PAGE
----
50th anniversary of C.S. Lewis’ death celebrated

Memorials marking the 50th Anniversary of C. S. Lewis’ death have been taking place across the country in the last week.

To mark recognition of his literary achievements, C. S. Lewis has been honoured with a memorial stone in Poets’ Corner, Westminster Abbey. The writer died at the age of 64, on the 22nd November 1963.

Though not primarily known for his poetry, Lewis’ memorial lies in the company of renowned literary figures such as Chaucer, Dickens, the Bronte sisters, and John Keats.

The memorial stone in Poets’ Corner is inscribed with words from one of Lewis’ theological lectures, “I believe in Christianity as I believe the sun has risen. Not only because I can see it but because by it I can see everything else.”

The writer is perhaps most famous for his Chronicles of Narnia series, which has sold around 100 million copies worldwide, however Lewis also wrote several philosophical, religious, and poetic works, including ‘The Allegory of Love’, and ‘The Four Loves’.

To celebrate his life, the ceremony in Westminster Abbey was led by Former Archbishop of Canterbury Dr Rowan Williams, a self-professed fan of the writer, on the 22nd November.

Events have also been taking place in Belfast, Lewis’ birthplace, including a C. S. Lewis trail through East Belfast, and an art exhibition by Jonathan Barry, named ‘Through the Wardrobe’.

Magdalen College have also run events to celebrate the writers’ achievements and remember his contribution to the college as a Fellow from 1925 to 1954.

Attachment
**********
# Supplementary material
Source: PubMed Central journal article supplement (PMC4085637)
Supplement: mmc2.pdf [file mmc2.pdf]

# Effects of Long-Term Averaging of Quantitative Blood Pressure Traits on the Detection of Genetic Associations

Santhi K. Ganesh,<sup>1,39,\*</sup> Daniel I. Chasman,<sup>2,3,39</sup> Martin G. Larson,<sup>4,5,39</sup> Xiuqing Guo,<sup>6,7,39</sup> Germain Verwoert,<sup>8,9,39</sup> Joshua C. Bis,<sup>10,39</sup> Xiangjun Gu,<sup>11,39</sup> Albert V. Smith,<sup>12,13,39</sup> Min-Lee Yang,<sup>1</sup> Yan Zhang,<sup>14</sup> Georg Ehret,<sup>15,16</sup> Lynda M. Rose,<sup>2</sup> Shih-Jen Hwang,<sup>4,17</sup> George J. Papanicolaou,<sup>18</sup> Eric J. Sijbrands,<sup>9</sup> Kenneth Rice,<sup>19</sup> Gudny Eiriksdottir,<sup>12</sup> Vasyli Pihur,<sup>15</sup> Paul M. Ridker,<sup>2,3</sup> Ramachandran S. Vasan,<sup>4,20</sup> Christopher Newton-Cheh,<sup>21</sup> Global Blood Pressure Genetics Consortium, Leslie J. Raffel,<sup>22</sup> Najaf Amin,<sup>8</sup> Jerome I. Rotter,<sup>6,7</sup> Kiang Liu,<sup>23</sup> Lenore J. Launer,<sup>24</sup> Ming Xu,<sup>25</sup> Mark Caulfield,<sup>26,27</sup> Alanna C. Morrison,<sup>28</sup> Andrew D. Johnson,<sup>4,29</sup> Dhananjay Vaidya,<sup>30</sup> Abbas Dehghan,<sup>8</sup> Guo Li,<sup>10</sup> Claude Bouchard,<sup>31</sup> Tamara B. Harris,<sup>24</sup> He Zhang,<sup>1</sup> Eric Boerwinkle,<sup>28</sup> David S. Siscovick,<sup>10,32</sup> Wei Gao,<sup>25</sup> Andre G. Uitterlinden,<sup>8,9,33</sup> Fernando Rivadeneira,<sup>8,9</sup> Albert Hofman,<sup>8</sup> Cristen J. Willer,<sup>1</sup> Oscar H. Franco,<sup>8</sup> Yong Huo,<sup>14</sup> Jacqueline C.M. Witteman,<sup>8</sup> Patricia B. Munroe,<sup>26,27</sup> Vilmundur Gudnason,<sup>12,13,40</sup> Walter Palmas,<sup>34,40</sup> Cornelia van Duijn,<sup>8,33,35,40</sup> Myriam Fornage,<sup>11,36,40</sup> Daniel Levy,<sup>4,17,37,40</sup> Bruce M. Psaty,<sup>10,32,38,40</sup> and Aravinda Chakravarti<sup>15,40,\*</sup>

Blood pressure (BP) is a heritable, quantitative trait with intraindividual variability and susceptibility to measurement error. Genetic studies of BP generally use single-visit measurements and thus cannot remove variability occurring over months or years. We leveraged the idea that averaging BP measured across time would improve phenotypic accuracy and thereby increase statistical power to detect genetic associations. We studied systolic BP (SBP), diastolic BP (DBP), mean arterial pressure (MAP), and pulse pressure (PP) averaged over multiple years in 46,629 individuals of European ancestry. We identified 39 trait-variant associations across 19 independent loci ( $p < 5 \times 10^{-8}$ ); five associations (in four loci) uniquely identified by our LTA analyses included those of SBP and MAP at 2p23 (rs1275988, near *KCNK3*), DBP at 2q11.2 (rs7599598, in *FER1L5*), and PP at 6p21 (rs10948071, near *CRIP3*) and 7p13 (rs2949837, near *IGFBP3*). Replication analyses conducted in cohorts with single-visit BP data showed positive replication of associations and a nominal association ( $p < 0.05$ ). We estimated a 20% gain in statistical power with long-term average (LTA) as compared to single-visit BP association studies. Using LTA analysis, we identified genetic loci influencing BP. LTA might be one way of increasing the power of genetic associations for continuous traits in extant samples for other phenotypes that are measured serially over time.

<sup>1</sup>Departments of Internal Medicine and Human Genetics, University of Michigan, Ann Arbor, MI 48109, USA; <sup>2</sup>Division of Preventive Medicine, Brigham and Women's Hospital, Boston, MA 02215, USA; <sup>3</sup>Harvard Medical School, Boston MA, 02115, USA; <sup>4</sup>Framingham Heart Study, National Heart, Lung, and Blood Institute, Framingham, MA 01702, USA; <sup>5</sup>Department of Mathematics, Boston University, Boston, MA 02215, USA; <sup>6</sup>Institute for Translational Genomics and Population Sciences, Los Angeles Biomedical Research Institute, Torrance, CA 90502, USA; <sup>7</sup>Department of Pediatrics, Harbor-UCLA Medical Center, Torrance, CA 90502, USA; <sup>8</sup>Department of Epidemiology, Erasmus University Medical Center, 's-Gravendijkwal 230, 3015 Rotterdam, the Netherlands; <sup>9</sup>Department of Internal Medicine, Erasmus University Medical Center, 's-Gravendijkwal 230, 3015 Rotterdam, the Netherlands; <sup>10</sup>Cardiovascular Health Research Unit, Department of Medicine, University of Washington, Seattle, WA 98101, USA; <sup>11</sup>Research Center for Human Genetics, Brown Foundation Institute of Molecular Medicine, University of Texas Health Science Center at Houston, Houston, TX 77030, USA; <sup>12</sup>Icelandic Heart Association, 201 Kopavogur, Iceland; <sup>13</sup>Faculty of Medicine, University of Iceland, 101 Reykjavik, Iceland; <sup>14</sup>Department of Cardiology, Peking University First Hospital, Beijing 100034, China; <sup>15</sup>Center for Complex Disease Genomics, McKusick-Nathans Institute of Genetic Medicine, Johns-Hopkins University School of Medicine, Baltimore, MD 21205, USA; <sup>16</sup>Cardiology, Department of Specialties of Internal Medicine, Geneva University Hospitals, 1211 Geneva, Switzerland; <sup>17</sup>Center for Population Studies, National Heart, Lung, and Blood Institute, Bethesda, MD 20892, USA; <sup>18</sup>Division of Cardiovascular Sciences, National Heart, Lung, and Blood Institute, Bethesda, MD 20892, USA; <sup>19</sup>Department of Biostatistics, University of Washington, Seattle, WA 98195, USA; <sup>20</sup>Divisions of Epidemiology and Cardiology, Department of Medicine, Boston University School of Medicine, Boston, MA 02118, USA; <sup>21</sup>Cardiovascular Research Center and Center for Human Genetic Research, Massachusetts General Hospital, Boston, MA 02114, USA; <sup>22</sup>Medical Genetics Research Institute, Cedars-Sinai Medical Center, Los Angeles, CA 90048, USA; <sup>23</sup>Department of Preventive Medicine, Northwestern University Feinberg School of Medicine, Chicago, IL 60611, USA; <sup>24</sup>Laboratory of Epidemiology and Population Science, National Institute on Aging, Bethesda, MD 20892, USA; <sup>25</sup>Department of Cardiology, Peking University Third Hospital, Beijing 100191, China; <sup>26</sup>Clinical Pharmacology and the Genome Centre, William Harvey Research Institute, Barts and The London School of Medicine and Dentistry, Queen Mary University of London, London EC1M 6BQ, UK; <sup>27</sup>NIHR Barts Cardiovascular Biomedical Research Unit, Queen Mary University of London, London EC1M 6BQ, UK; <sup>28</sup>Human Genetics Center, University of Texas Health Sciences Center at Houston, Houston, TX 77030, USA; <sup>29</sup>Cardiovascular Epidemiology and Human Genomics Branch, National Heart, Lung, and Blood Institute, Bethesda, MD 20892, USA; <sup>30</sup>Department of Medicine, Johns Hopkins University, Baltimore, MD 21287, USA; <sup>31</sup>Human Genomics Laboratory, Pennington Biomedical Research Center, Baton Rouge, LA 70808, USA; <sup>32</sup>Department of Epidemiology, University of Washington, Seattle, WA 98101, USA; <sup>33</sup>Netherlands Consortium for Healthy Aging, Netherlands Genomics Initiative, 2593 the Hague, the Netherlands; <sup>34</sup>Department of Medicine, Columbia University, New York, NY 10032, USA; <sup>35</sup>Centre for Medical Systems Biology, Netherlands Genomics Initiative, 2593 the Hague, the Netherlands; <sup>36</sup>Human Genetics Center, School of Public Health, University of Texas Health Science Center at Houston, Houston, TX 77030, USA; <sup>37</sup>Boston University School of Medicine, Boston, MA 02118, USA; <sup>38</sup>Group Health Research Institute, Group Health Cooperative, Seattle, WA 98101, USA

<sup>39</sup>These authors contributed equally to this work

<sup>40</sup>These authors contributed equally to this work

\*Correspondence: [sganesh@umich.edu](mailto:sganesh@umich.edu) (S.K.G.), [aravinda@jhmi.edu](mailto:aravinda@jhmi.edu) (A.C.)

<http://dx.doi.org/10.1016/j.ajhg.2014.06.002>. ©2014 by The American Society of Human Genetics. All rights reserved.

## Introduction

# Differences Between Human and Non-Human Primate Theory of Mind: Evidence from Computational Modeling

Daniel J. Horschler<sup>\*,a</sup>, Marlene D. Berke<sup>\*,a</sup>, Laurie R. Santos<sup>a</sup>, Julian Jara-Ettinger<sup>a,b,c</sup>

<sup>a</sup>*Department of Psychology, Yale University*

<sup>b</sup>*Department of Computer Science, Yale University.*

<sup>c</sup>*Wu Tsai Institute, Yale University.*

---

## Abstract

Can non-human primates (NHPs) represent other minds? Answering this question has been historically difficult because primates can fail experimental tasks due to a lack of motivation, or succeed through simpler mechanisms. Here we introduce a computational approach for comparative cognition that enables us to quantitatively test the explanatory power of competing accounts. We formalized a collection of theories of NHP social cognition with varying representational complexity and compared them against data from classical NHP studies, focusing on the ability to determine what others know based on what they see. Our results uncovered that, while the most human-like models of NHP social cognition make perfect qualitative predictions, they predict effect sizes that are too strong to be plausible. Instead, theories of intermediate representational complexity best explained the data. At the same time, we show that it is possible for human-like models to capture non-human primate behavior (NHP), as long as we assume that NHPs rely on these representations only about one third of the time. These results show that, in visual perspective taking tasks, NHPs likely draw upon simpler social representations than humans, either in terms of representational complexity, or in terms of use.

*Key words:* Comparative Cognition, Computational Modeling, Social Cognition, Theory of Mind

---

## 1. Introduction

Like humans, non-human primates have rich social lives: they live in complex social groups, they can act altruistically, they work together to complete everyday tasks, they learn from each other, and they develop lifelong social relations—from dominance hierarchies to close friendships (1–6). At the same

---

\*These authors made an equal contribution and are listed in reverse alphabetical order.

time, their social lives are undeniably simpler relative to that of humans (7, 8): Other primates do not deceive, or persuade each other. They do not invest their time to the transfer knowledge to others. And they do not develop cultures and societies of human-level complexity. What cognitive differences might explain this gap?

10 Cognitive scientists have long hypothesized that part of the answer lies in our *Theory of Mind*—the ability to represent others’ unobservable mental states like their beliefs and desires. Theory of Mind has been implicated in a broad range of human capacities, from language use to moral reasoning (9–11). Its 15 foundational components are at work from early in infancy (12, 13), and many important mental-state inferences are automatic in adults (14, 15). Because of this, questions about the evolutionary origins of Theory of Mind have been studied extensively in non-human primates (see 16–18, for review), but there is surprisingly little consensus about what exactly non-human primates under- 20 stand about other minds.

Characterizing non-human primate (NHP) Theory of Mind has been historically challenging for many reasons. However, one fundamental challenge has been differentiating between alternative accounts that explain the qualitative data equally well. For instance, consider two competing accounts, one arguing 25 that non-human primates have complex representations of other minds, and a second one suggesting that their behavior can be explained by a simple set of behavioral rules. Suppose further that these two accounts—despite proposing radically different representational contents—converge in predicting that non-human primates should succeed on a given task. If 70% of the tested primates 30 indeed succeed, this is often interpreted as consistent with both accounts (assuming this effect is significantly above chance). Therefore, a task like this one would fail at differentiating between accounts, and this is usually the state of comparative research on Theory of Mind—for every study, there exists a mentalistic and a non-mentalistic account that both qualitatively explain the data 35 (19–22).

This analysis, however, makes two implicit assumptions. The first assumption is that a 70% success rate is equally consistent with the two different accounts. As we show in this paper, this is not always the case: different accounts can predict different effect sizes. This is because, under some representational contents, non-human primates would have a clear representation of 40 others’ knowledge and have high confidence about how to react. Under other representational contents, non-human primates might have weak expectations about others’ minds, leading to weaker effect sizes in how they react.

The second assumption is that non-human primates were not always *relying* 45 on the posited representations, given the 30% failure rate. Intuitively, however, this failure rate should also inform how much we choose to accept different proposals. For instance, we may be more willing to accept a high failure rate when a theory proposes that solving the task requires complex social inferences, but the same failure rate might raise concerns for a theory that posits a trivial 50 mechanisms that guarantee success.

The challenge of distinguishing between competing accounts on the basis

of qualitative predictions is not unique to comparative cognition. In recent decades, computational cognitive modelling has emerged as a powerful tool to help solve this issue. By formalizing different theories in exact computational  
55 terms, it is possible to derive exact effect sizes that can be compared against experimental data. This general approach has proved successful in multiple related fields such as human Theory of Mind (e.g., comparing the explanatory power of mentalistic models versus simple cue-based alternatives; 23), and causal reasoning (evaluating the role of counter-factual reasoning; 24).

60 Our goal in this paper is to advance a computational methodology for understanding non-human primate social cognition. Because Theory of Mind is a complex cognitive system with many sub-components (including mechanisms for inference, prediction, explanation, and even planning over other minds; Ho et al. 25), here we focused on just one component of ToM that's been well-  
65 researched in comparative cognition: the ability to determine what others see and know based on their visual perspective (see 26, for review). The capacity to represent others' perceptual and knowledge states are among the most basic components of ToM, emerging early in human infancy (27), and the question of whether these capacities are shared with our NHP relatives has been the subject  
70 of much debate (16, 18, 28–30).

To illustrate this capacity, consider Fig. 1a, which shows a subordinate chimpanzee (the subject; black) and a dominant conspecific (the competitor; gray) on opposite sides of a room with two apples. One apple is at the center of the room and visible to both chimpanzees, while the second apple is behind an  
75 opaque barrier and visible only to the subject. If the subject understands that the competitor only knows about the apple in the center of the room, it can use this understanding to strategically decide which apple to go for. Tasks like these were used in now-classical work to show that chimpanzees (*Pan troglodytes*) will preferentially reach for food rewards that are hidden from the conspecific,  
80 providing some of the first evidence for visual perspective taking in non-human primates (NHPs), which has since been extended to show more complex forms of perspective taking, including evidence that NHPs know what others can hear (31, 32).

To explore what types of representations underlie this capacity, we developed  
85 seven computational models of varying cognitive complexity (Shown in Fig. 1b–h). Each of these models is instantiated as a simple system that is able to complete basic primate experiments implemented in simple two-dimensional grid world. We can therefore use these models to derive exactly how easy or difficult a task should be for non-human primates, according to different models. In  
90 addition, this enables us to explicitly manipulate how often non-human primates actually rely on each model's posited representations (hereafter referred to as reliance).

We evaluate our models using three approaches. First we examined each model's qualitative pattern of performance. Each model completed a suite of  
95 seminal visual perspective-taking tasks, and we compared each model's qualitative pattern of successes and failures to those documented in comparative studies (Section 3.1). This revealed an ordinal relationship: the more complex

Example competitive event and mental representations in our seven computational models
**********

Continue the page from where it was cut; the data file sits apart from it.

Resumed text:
Lewis won a classical scholarship to University College in 1916, however did not come up to Oxford until 1917, in order to train in the university Officers’ Training Corps during the First World War.

In 1919 he returned to Oxford to read for classical honour moderations, in which he gained a First in 1920. Lewis also achieved a First in English Language and Literature in 1923.

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Magdalen elected him Fellow and tutor in English in 1925, and it was here that he formed the famous writing group named the Inklings, of which J. R. R. Tolkien was a member.

Amongst his other contributions to the University was the Socratic Club, a Christian discussion group founded by Lewis in 1942, and of which he was president until 1954.

The College was represented at the Westminster ceremony by the President and Simon Horobin, Professor of English Language and Literature and Tutorial Fellow at the College.

Magdalen also screened ‘Shadowlands’ on the evening of the 22nd November, a film based on Lewis’ life and partly filmed in the college.

A series of lectures were also hosted at the college, given by world-leading experts on the writer, on the following day; the day was concluded with a special dinner in Hall to mark the occasion.

One student remarked positively on the celebrations, stating that it is good to see Lewis’ wider literary achievements recognised and the memorials in Westminster Abbey updated, as a demonstration that “classics don’t just have to be old.”